Just Another Day for Captain Skerry. Part One

DSCN8439A guy won’t get too many opportunities to accompany a tugboat captain as he moves a Virginia class nuclear submarine.
“Ya oughta come along Rick. Should be quite a show,”  Captain Skerry said in a Facebook message. I couldn’t get my fat little fingers to the keyboard fast enough to reply “Hell ya!”
I first met John Skerry in the spring of 2010. He had a Trojan F-32 for sale, so the XO and I (and our dog Ginger Lee) headed off to the town of North Kingstown in Rhode Island to check it out. The boat had been refitted with Lehman 120 diesels, an intriguing and unusual set-up. Trawler motors in an old sport fisher? I think I was more intrigued by the fact that his name, Skerry, is also a name for a sailing dinghy. Long story short, we bought the boat, named it Ginger Lee, and lost contact with John until the summer of 2015 when he found us moored in Wickford Harbor. We’ve been friends ever since.
I had arranged to meet John at 8:00 AM at a Park and Ride in Rhode Island. About an hour and a half drive.
It’s 6:30 on a coolish, slightly foggy morning. The sky shows streaky glimpses of blue as I leave my driveway in Wareham. “It’s gonna burn off,” I say to myself, and I am right. By the time I reach my destination, it’s a full-blown sunny day. I hop into John’s F-150 and we drive to New London, Connecticut. On the salty shores of the historic Thames River, I’m transported into a world that few people ever get to experience up close, the world of working mariners. Captain Skerry’s world.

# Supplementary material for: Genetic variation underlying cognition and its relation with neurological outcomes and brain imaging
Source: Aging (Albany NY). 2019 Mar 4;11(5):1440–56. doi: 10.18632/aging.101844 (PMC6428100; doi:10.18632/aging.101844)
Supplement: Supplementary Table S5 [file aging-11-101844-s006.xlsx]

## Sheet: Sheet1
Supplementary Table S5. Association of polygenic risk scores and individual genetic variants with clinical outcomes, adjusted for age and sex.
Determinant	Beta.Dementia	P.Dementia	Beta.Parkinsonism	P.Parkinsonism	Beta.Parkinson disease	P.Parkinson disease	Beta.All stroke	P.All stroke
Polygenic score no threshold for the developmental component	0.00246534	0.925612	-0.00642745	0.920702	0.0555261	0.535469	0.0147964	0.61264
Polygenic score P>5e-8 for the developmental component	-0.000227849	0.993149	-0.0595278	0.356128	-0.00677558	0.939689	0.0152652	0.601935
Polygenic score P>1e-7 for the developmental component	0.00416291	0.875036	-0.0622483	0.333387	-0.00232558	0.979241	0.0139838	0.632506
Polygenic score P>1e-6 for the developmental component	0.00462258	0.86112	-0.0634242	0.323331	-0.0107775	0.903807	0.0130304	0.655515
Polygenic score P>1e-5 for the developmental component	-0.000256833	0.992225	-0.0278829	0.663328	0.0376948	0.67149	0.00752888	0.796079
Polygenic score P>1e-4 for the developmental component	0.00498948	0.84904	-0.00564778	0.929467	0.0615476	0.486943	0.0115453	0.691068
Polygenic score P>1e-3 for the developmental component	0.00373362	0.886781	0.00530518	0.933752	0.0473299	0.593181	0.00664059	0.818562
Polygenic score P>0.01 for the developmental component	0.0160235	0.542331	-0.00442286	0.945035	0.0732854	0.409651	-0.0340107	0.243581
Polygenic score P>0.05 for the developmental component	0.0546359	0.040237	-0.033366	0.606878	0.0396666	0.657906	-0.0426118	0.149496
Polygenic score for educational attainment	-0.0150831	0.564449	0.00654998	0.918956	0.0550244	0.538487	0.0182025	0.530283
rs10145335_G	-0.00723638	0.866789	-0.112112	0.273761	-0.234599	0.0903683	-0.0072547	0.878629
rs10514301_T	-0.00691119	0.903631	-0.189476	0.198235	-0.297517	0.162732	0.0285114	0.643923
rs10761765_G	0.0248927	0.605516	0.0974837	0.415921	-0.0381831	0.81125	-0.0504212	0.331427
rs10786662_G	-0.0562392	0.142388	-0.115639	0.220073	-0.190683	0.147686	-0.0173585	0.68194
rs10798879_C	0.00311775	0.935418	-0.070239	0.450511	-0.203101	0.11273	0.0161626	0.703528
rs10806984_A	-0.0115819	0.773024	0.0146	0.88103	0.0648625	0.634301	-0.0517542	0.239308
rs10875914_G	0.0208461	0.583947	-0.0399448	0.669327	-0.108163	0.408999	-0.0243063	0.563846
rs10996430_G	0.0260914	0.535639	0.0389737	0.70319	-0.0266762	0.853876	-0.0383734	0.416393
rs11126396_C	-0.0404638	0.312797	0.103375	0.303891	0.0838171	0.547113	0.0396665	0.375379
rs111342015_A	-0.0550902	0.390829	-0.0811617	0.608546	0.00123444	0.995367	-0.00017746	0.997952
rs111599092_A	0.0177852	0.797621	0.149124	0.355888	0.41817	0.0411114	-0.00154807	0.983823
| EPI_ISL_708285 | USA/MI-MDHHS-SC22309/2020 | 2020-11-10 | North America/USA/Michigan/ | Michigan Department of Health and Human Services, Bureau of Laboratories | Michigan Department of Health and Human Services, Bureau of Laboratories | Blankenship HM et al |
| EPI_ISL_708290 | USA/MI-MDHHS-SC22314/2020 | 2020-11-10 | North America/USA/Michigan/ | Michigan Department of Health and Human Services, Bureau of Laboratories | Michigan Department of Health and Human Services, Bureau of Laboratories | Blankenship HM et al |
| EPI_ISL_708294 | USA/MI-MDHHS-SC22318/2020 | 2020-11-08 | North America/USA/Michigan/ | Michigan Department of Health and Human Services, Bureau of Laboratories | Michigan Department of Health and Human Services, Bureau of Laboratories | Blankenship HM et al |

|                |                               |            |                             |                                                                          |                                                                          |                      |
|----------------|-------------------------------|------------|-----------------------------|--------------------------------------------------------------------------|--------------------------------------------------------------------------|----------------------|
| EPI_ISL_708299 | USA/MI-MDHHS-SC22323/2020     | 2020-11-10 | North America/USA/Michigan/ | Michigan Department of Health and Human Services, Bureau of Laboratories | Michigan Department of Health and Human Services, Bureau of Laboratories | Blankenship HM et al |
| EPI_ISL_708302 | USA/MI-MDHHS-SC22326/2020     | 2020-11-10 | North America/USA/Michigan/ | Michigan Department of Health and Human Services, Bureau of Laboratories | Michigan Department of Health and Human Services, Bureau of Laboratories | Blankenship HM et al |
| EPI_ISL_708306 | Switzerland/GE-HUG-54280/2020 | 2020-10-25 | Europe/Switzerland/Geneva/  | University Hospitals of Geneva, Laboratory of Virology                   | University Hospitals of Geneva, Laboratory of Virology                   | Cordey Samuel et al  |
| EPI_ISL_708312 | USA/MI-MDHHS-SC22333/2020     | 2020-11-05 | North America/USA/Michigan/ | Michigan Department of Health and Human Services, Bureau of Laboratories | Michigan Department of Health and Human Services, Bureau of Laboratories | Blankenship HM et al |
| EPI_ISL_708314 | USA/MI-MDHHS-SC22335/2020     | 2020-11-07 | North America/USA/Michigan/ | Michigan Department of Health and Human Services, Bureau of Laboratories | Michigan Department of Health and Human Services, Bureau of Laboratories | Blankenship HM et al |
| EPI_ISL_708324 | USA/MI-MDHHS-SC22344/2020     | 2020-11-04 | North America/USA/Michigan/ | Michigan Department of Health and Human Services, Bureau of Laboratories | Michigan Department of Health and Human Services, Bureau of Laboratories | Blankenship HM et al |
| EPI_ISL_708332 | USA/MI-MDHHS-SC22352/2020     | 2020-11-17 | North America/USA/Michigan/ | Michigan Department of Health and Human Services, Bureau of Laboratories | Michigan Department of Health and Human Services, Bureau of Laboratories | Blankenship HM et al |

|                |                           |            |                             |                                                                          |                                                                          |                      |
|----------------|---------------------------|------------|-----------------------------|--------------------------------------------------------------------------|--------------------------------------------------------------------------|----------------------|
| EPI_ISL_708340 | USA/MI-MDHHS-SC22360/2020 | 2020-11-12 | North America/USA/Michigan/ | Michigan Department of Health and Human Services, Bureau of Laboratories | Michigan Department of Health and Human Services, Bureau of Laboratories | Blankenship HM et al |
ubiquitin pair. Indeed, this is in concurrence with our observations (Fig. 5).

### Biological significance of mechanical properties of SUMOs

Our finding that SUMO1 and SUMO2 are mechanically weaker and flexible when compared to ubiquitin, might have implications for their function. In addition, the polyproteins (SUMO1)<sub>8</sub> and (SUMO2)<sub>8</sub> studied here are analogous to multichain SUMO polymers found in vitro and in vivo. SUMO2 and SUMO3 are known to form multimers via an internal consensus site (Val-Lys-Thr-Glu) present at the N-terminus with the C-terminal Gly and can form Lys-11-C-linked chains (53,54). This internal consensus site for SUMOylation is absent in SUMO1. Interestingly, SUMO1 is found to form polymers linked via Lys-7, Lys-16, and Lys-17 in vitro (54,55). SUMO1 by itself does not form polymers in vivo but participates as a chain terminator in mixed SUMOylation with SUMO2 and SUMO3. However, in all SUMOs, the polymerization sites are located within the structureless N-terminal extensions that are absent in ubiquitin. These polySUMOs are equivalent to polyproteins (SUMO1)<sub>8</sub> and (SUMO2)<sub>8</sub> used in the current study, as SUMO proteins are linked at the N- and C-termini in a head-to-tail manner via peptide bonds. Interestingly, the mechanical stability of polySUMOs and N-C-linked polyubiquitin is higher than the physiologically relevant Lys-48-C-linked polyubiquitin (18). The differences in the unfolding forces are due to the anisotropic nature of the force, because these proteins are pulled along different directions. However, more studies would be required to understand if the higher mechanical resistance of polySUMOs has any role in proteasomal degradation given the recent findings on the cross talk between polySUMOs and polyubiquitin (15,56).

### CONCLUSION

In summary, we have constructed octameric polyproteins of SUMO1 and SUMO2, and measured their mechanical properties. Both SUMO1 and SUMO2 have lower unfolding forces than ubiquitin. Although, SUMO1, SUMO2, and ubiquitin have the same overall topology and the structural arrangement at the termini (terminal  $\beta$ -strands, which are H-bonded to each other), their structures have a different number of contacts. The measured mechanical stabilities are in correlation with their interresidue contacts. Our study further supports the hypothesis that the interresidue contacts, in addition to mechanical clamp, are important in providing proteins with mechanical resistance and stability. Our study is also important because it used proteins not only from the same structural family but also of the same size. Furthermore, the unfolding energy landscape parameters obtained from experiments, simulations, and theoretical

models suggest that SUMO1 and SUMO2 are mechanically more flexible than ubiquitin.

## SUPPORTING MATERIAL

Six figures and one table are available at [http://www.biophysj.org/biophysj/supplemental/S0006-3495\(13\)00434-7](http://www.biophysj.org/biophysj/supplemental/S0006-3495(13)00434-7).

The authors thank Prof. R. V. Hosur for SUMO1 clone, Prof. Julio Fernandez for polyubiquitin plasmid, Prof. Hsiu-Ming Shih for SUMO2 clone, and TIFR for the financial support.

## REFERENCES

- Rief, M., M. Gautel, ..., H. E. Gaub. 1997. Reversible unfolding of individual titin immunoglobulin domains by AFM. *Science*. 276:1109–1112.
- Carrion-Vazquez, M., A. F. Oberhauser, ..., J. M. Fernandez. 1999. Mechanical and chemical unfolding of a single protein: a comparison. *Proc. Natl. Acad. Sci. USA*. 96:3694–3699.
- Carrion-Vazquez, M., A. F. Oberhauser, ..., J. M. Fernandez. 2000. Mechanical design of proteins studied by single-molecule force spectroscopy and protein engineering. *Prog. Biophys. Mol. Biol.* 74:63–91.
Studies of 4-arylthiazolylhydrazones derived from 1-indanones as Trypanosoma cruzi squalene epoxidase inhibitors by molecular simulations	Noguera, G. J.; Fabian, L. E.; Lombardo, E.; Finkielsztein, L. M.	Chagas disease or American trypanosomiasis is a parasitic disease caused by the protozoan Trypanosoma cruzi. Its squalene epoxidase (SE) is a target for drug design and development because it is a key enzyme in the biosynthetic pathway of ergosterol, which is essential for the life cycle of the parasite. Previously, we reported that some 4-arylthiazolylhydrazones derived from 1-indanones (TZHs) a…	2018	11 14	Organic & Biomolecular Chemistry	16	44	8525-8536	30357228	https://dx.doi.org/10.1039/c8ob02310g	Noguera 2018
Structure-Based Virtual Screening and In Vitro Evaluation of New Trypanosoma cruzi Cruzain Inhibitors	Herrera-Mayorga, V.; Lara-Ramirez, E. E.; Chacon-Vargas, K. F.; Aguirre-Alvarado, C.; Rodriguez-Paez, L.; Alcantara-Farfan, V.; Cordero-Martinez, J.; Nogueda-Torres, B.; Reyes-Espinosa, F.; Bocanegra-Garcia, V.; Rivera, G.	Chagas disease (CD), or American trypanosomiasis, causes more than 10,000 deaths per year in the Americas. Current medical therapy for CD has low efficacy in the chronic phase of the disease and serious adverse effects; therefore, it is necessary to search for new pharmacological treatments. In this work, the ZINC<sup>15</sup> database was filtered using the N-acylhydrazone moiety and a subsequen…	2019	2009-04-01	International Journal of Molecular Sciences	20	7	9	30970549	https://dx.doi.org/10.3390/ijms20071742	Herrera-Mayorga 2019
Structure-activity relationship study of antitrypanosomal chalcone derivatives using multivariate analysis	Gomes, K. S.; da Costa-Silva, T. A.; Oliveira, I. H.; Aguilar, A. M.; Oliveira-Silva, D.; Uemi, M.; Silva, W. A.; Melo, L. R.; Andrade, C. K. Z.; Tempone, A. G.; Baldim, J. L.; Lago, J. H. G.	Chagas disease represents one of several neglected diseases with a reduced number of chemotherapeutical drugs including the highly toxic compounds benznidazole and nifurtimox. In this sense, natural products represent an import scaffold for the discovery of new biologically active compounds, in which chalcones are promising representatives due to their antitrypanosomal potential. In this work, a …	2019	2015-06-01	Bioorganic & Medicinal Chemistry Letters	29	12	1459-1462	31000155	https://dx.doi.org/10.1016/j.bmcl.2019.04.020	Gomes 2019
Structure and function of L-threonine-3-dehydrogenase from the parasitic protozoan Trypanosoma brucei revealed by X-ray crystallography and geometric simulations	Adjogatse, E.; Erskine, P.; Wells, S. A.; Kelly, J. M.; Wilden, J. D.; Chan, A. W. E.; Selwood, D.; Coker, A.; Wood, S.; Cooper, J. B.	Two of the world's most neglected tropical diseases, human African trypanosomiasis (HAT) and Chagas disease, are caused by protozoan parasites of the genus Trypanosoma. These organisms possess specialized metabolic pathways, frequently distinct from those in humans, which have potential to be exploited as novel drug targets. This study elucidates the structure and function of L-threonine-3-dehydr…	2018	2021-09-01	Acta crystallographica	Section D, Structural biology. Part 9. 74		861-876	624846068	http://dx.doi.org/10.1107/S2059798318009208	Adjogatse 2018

Captain Skerry takes in the view.

Captain Skerry takes in the view from his tug Patricia Ann.

The Thames Shipyard is a hundred acres of working waterfront that includes not only tugboats and dry-docks, but both car and passenger ferries. It’s the beginning of Memorial Day weekend and the parking lot is filling up with ferry passengers and cars. John cuts a long line of idling cars and gets waved through.
“Is it crazy yet?” he asks the young attendant.
“Gettin’ there,” is the expected answer.
First, we tour the relatively new fast ferry. Impressive for sure.

Fast Ferry.

Fast Ferry.

Fast ferry bridge.

Fast ferry bridge.

Engine room.

Engine room control panel.

But not nearly as impressive as the deluxe tour of (in my opinion) the star of the fleet the Cape Henlopen. This massive car ferry was built in the Forties and was actually on the beaches of Normandy delivering tanks during WWII. The fact that it’s still in daily operation today is a testament to the talented employees of this ship yard. Everything is maintained, repaired, and refurbished on site.

Captain Skerry's workplace.

Captain Skerry’s workplace.

The car deck.

The Cape Henlopen car deck.

In the middle of the car deck, John opens a door marked DO NOT ENTER and I eagerly follow him down a long, steep, metal stairway into the bowels of this historic ship. It is wicked loud. I mean heart-stopping loud. I was in a rock band for forty years, so I know loud. The heat radiating from a massive diesel engine is alarming, and it’s not even running. John shouts in my ear and I can barely hear him. Apparently all the noise is coming from a pair of room-size 250 kilowatt generators. That’s a huge amount of power. To put it in perspective, I have a 3 kilowatt emergency generator that runs my whole house, heating system and everything.